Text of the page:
“Do you think you need to be admitted?” My psychiatrist asks, looking at me very seriously.
“Yes.” My reply is fast.
Faster than I had time to think of the repercussions of my words.
Things were bad, but were they admission bad? A few thoughts about tossing myself off of my 6th floor balcony made things bad, right? I mean, non-mentally ill people don’t have those thoughts. I don’t even know why I have them. For all intents and purposes I have a happy life and I wish I could just rise above it all, but I can’t. I’m drowning in the depression that up until 3 days ago I didn’t even want to admit that I had. So I agreed to once again be locked up because I could no longer trust myself.
But now that I’m here I regret my decision. Unlike on TV there is nothing glamorous or relaxing about the psych ward. There is no nurse played by Whoopi Goldberg offering you tough but sage advice about getting better. There are no arts and crafts. No group therapy. There is nothing but meals to punctuate the long hours of the day. To be honest, I’m mostly ignored. The only time you get any attention is if you’re a problem. I mostly bide my time by keeping to myself and wondering what I did in a past life to deserve this broken brain that I’ve been handed.
I try and I try to get better but it seems like every time I take a step forward I’m falling 10 steps behind. It feels like I’m forever mired in the gunk that clogs up my neurotransmitters and makes me the way I am.
My psychiatrist sent me directly to the psychiatric ER at the mental health hospital. My legs shook as a security guard rifled through my bag and waved his metal detector over me. I had to even give my scarf to my husband to put in the car. I guess because I could hang myself with it? Or maybe someone else could hang themselves? Whatever the reason, my shit was confiscated and that thing that I use to hide myself with was taken leaving me feeling naked and vulnerable.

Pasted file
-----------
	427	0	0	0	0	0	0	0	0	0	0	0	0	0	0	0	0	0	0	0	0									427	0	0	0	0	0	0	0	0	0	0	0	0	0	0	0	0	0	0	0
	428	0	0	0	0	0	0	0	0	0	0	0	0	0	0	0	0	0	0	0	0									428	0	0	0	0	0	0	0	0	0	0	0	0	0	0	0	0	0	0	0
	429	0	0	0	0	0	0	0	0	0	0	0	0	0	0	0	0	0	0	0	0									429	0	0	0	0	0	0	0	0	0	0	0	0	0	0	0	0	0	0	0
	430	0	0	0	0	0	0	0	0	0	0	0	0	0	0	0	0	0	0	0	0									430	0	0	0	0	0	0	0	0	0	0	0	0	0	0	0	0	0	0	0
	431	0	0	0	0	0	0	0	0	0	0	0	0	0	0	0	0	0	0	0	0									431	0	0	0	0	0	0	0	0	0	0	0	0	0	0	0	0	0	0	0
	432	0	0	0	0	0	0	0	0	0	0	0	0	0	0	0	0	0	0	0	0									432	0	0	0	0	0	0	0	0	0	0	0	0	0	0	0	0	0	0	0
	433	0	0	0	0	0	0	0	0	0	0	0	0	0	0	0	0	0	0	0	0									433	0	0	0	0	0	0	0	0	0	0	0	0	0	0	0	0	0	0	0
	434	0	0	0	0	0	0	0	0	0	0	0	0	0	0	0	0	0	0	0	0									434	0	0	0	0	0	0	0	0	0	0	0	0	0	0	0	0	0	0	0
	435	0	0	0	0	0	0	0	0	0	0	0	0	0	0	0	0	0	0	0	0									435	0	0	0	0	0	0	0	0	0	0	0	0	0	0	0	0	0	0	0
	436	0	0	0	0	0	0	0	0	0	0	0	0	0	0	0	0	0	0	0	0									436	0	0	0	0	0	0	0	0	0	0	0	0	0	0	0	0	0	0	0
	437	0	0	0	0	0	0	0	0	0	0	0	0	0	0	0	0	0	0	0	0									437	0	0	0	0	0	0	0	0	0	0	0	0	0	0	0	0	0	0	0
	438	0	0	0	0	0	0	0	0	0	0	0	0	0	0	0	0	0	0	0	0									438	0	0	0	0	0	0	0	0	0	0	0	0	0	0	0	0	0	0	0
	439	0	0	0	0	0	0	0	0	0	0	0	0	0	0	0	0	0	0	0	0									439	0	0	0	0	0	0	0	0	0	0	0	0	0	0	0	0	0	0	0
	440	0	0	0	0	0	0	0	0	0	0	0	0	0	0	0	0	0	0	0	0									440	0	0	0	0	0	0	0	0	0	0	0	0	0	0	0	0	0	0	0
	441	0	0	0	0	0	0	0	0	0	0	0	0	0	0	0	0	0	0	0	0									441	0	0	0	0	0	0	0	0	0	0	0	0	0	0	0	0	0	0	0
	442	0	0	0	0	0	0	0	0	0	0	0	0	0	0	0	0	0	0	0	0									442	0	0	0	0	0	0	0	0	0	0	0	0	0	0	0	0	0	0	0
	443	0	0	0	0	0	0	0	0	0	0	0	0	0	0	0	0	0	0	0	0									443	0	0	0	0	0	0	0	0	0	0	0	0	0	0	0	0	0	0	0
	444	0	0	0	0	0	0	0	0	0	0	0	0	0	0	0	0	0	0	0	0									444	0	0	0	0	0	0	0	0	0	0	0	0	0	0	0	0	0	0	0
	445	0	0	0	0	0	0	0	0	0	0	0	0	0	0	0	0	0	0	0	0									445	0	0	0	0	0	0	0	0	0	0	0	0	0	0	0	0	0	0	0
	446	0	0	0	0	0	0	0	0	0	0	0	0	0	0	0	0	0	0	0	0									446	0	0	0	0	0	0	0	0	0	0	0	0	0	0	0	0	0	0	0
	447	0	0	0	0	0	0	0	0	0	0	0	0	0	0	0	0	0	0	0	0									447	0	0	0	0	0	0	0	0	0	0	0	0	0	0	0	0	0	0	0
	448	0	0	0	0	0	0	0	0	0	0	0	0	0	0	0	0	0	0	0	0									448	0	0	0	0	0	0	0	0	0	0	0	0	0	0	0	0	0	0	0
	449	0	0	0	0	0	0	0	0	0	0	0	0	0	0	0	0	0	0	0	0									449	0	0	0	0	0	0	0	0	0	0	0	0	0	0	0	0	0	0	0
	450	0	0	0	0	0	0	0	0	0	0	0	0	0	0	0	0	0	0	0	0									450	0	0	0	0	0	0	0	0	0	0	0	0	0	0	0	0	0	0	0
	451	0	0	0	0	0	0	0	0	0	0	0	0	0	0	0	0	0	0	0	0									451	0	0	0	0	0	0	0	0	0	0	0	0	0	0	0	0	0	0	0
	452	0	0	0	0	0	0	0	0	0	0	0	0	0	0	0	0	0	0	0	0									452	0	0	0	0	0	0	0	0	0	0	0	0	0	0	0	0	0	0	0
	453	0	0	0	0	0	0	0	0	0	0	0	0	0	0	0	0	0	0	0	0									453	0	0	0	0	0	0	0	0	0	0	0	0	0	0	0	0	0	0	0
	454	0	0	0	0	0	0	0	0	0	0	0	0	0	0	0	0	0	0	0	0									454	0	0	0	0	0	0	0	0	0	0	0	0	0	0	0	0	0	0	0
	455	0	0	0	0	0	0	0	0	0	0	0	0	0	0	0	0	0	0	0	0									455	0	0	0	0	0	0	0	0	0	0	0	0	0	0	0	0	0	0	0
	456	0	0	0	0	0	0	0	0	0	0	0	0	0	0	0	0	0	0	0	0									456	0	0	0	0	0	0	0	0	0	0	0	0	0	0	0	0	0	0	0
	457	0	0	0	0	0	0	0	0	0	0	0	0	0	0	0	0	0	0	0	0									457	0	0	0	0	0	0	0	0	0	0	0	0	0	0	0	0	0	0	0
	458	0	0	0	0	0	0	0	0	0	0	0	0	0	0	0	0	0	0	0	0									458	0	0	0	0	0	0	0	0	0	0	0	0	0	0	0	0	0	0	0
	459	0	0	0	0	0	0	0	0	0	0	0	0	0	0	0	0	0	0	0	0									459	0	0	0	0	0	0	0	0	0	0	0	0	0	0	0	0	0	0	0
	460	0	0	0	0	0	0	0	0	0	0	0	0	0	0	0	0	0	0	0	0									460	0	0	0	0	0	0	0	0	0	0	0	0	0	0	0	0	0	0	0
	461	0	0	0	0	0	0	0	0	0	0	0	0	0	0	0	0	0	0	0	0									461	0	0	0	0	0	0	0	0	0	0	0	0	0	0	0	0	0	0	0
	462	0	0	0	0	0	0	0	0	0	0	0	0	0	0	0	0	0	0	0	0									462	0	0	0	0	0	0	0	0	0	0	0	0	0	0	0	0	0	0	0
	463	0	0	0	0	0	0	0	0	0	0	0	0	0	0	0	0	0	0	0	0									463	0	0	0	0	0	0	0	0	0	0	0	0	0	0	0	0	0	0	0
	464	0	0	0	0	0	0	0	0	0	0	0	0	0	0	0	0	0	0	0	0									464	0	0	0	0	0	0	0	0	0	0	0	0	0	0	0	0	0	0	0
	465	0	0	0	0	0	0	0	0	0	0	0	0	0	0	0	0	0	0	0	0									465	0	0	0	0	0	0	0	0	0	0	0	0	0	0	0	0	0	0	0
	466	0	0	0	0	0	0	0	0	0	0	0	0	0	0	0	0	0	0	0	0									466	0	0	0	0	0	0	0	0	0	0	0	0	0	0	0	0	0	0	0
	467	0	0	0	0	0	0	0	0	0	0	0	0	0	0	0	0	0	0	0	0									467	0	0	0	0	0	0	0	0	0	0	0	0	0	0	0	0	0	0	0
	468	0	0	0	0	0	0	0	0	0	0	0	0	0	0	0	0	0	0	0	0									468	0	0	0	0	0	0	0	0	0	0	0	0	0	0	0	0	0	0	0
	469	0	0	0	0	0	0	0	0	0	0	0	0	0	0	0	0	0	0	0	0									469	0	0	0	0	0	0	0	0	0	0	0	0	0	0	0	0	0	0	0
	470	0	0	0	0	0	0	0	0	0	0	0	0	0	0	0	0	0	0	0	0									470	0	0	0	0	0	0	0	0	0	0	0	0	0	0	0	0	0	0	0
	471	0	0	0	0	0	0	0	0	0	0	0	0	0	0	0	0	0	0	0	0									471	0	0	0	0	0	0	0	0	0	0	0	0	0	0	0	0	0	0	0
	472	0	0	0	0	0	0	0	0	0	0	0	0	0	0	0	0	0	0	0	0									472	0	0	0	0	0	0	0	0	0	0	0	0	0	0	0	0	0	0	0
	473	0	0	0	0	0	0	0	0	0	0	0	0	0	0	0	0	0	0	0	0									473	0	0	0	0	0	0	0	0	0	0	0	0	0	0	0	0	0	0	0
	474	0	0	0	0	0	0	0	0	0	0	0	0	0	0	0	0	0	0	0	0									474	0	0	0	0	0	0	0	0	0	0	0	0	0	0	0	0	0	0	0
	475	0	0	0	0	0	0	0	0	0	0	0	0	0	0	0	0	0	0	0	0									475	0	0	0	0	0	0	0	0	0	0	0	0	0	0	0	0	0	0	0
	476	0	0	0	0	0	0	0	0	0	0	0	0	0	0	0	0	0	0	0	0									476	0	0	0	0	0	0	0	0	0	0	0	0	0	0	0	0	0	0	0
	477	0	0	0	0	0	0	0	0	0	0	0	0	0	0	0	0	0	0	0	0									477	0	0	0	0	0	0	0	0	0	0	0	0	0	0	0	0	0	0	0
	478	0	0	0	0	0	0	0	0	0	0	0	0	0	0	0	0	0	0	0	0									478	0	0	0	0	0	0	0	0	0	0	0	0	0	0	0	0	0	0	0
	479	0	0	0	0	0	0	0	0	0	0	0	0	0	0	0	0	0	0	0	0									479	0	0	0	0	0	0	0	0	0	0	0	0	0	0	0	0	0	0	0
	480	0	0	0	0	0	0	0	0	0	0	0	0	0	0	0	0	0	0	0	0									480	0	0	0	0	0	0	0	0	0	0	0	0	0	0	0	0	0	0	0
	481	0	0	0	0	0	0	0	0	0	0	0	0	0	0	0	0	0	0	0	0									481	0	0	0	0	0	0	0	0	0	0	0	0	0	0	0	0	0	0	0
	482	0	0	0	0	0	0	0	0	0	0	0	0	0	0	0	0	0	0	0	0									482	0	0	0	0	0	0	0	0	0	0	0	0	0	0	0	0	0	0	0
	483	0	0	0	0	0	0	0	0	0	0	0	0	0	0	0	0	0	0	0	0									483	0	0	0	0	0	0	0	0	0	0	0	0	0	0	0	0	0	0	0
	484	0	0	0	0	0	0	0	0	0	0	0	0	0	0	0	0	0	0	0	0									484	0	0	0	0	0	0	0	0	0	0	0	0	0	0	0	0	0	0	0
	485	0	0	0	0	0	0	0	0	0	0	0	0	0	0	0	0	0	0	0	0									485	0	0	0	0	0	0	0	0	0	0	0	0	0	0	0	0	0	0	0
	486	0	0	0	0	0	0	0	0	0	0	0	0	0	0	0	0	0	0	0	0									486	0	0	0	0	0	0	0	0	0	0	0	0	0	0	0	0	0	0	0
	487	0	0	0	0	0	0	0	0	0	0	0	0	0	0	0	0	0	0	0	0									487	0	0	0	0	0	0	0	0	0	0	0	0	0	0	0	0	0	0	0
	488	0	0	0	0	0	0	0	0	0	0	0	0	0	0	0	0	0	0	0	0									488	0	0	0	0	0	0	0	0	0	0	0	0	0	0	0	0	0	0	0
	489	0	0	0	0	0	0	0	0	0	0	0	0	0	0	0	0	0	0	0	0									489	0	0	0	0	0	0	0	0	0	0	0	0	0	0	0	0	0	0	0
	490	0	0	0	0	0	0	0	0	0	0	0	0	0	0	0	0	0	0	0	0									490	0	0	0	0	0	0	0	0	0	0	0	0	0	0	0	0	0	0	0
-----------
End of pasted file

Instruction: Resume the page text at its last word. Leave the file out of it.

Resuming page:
I approached the admission window handed over my health card and said, “My doctor told me to come here for admission.”
“I receive nothing,” the nurse’s reply was curt in her broken English. She rifled through some papers to make it appear as though she cared. I didn’t have the energy to speak let alone argue with her, so I let my husband take over as I just stared at the wall. The incompetence of the mental health system always baffles me. People come to the ER in crisis and are met with questions about paperwork, health cards, and catchment areas. Like, I have this broken brain can’t you just fix me up without giving me the third degree? But they’re doing their job, so whatever. There was some confusion over fax numbers and the documents that my psychiatrist sent over were inadequate.
I was then ushered into the ER and left to wait, and wait, and wait. I waited 3 hours without anyone acknowledging my existence. As I waited, the realization that I was being admitted (again) were slowly starting to sink in. Maybe this wasn’t the best idea. Maybe I had made a mistake. Maybe things weren’t as bad as they seemed. Maybe if I kept trying harder, kept pushing through then maybe I wouldn’t have to be in here with people much sicker than myself. People who saw things, heard things, had no concept of time or where they were. People who are so overly medicated that their heads bob up and down like they’re on a boat. Their shuffling feet echoing down the hallway as they try and walk off the side effects of the drugs that they’re on.
These are the people who belong inside. Not me. Not the sad girl with the fleeting thoughts of flinging herself off of her balcony. And that’s not to say that I’m better than the others because I’m not. I simply mean that their conditions are worse than mine. My depression is taking up space for someone else who could really use a bed.
I’m just really depressed. I don’t belong inside just because of that. But apparently I do. And I had agreed to it. That was the worst part of it all. So many people are court mandated into treatment facilities because of their behaviour and here I am, signing away my own freedom like it was no big deal.